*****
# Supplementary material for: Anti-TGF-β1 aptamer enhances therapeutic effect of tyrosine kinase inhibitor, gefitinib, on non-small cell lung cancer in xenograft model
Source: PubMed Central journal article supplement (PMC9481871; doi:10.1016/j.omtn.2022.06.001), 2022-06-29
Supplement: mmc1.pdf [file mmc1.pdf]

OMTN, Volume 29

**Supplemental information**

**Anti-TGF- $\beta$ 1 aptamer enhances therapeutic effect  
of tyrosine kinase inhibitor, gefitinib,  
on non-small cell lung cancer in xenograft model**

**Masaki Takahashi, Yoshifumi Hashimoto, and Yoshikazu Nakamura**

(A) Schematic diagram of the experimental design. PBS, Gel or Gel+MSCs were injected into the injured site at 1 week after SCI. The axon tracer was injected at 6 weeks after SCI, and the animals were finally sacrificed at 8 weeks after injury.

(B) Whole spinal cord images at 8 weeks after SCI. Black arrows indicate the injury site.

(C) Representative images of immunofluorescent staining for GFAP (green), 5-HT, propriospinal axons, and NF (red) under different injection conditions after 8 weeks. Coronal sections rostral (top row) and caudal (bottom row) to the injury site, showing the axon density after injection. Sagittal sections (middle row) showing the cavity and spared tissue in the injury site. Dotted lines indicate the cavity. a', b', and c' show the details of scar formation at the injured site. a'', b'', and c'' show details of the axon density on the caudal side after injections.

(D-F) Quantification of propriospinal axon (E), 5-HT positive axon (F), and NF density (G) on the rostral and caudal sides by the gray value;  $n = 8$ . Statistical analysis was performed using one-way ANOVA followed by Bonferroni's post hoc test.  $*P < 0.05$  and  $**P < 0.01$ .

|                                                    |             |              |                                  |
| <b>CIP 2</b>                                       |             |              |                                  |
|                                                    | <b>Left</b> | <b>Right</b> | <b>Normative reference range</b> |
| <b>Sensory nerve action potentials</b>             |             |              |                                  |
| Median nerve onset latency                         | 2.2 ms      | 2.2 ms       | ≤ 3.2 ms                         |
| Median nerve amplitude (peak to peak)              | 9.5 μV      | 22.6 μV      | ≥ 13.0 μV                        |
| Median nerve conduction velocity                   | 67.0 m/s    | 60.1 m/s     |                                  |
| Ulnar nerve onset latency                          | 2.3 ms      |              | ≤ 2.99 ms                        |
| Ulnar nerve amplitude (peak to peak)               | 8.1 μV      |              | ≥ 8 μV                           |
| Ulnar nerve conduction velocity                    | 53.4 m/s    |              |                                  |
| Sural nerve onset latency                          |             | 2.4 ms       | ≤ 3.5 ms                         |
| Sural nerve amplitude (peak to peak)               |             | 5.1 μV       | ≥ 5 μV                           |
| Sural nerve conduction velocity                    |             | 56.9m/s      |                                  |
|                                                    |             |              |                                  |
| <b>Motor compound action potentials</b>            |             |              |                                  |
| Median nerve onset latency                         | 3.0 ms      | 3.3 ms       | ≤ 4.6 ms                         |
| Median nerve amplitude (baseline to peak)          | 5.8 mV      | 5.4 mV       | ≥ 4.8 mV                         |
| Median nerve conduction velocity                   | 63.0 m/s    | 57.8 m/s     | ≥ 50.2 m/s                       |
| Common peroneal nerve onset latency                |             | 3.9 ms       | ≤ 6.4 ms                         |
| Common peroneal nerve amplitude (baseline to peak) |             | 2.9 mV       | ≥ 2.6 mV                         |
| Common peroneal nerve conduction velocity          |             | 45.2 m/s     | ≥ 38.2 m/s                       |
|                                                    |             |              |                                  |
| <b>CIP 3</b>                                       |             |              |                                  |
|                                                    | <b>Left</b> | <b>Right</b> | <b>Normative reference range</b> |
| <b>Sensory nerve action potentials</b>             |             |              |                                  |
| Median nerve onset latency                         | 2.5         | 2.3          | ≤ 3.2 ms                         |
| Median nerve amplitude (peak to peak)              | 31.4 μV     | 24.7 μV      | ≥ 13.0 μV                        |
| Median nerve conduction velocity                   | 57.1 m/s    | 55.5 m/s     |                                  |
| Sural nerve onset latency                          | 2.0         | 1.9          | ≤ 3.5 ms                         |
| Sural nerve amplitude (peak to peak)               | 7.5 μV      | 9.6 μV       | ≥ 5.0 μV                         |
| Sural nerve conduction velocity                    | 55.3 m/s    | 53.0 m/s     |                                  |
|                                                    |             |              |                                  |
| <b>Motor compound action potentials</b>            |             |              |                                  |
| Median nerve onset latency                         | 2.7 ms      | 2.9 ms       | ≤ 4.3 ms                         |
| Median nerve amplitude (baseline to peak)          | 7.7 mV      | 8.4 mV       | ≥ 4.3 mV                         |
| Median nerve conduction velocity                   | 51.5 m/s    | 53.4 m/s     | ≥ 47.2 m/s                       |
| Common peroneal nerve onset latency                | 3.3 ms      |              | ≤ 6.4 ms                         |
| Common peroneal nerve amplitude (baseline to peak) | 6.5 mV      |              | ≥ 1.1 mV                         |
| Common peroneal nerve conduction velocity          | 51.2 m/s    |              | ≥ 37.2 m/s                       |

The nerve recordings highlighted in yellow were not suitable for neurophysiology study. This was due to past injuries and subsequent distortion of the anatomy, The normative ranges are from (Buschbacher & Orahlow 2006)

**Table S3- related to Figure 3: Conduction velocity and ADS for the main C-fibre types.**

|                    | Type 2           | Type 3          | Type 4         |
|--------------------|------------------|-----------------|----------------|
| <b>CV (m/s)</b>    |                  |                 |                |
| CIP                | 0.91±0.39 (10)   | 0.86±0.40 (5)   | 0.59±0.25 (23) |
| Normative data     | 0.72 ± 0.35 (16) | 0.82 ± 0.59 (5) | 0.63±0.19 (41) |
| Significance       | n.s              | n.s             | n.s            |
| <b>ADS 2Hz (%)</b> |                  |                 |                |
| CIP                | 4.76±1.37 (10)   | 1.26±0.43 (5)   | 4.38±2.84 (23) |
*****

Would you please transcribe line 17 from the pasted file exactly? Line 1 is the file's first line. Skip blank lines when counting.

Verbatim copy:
| <b>Sensory nerve action potentials</b>             |             |              |                                  |